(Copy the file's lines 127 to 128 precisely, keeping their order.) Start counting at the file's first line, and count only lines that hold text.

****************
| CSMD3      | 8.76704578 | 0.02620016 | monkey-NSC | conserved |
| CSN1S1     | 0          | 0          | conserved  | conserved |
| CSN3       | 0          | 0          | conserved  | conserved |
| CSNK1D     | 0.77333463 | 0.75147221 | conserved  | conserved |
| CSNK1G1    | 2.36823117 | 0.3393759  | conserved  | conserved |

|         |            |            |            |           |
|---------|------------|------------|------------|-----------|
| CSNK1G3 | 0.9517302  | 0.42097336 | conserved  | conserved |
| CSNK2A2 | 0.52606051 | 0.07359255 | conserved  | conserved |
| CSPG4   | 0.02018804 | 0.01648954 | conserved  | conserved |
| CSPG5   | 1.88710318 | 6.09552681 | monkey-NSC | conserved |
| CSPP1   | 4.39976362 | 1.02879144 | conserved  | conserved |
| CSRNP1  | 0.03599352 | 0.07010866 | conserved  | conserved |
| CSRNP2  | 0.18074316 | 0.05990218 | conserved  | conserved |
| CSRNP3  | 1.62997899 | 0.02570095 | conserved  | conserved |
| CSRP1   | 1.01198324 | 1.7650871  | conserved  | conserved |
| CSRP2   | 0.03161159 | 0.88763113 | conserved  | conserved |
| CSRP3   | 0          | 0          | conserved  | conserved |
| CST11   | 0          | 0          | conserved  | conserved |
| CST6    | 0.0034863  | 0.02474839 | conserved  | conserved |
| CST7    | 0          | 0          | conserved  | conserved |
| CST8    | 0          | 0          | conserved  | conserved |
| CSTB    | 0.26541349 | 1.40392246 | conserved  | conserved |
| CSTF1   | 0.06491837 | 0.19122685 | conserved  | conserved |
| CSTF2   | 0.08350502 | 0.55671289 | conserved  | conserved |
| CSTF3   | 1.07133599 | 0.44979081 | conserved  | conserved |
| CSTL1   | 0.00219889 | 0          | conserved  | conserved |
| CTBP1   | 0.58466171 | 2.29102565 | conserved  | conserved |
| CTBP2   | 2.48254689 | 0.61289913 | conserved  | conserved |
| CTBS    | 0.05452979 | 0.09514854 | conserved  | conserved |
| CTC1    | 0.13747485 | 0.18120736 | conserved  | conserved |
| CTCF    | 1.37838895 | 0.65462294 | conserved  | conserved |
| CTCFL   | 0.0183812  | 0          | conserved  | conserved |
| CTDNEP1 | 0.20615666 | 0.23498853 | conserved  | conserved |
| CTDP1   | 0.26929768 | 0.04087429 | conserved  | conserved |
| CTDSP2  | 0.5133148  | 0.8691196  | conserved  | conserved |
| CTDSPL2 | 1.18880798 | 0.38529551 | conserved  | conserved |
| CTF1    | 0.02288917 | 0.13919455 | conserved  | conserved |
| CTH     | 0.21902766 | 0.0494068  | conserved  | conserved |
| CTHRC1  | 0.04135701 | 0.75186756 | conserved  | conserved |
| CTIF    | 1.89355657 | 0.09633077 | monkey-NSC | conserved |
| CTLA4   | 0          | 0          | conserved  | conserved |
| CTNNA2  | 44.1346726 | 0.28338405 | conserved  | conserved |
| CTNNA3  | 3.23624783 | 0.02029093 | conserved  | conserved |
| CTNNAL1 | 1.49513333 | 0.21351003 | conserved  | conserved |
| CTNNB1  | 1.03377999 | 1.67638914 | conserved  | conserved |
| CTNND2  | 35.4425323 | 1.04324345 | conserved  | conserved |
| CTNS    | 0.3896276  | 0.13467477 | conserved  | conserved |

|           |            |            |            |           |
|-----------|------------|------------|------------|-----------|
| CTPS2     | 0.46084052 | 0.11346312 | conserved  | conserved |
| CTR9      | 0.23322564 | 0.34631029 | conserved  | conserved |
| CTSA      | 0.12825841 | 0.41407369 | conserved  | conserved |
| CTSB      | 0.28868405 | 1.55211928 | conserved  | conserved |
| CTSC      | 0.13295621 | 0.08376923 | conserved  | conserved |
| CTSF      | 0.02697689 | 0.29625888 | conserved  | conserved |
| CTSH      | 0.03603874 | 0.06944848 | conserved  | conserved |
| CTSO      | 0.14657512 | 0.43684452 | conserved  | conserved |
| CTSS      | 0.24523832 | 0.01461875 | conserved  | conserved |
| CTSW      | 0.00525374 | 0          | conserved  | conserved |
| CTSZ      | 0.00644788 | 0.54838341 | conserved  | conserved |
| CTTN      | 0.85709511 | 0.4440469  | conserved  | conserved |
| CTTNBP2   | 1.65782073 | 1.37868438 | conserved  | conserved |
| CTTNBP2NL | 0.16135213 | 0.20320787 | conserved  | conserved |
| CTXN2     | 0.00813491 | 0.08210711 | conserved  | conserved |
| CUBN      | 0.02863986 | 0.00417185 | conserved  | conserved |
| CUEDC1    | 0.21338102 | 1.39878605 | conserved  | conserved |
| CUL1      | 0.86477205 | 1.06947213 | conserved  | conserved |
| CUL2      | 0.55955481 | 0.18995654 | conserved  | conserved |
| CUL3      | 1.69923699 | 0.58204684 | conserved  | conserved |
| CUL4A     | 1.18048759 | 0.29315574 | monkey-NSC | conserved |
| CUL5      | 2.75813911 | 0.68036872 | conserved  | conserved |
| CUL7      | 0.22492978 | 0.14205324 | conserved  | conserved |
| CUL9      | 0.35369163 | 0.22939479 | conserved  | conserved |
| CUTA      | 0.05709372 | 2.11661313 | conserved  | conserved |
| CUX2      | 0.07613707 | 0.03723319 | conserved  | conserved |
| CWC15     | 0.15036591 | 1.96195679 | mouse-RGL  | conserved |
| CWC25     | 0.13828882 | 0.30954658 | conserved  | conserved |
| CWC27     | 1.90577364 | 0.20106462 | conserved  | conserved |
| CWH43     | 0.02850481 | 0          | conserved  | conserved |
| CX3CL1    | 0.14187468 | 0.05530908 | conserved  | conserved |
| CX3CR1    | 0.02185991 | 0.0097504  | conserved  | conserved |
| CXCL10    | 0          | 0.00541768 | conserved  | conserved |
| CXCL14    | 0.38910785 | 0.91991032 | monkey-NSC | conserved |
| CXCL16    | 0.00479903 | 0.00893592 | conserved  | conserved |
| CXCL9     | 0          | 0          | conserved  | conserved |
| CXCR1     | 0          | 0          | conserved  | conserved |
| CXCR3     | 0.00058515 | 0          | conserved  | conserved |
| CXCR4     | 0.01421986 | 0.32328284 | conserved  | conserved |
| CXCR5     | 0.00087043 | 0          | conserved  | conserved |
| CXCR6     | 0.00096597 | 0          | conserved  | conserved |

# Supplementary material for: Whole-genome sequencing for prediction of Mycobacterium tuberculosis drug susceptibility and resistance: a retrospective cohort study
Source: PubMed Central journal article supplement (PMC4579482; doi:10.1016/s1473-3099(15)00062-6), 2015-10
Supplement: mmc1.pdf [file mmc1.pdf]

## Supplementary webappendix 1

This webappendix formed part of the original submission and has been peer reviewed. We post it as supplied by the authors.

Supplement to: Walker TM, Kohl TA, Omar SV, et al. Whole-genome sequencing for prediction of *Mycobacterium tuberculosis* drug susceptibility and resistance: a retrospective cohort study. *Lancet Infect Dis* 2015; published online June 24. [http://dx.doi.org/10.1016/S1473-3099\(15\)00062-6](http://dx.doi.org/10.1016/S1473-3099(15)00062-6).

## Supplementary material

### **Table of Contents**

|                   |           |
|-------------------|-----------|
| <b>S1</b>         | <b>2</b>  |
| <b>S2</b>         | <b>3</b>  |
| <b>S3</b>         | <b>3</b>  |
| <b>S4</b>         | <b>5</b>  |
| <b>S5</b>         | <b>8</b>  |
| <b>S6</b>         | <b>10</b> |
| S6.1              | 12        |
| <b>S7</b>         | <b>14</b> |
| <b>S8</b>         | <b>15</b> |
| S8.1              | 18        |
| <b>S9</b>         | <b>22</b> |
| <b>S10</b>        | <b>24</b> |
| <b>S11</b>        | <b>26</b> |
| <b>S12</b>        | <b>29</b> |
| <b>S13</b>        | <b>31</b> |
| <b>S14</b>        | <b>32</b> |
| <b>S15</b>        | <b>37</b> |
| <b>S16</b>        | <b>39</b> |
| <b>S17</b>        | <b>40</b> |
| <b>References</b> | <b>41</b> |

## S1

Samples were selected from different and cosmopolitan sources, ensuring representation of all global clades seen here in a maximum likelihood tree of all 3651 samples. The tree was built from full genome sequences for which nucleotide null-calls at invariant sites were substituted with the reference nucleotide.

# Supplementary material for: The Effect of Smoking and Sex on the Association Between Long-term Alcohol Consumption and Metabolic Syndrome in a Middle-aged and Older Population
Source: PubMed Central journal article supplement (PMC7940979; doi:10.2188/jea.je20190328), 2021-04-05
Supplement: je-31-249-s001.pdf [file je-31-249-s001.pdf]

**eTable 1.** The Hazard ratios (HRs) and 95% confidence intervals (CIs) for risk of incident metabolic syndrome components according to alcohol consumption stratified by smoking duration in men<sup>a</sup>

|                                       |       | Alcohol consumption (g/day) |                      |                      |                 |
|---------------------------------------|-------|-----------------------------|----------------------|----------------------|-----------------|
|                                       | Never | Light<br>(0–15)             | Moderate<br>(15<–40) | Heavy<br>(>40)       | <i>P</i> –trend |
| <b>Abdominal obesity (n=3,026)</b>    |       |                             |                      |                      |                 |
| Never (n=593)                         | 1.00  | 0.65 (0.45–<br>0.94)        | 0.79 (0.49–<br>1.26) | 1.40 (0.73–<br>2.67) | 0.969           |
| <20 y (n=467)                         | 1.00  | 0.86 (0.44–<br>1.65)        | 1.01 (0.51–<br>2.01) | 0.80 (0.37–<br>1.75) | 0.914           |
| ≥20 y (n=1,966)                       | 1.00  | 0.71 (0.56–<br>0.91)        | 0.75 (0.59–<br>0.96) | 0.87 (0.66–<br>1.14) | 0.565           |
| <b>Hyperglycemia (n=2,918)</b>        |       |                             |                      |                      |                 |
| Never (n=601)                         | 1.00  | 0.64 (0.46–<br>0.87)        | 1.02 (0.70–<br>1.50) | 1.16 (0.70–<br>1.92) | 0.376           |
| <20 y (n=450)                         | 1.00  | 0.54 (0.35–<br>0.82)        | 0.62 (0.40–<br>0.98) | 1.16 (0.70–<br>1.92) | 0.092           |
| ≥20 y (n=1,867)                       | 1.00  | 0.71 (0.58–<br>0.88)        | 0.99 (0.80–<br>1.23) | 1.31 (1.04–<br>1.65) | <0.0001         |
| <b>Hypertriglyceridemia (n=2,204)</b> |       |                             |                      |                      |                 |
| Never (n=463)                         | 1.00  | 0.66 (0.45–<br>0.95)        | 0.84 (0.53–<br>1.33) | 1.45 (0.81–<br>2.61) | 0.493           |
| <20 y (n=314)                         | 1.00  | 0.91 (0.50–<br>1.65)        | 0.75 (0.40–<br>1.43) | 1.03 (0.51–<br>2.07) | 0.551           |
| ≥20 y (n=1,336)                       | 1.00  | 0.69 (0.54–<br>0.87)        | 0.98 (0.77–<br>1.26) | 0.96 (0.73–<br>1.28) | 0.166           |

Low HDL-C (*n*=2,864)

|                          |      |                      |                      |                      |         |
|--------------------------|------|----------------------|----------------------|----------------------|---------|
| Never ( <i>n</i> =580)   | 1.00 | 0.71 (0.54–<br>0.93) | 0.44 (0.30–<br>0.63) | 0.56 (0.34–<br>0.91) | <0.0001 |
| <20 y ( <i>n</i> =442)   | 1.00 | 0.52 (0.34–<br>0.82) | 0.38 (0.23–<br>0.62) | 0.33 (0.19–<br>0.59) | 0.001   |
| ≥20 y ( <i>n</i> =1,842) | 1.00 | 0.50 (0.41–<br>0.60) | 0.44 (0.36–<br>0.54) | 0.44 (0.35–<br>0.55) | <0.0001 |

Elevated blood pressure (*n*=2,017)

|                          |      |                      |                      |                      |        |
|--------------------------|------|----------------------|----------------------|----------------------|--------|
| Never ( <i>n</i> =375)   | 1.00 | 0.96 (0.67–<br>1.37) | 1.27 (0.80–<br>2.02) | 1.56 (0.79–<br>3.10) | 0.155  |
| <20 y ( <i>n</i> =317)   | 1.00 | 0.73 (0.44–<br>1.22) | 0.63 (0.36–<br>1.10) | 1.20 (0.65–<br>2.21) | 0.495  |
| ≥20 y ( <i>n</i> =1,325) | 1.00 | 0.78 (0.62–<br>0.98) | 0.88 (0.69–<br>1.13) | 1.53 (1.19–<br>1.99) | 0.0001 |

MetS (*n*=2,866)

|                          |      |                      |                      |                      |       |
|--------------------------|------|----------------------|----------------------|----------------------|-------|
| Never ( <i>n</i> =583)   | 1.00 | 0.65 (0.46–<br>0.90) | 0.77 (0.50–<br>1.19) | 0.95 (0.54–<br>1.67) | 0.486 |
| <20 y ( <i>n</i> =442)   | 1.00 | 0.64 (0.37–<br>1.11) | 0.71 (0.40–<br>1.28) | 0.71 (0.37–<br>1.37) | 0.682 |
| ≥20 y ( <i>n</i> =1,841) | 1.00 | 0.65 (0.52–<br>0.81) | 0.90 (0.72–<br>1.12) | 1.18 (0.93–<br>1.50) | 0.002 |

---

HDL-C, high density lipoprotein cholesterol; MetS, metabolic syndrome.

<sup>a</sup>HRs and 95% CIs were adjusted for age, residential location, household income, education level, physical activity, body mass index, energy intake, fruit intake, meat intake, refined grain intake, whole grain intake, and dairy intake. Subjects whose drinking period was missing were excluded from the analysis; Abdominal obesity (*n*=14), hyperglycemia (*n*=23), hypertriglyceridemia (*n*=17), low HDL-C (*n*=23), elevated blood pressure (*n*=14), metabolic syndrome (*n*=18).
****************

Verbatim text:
**eTable 1.** The Hazard ratios (HRs) and 95% confidence intervals (CIs) for risk of incident metabolic syndrome components according to alcohol consumption stratified by smoking duration in men<sup>a</sup>

|                                       |       | Alcohol consumption (g/day) |                      |                      |                 |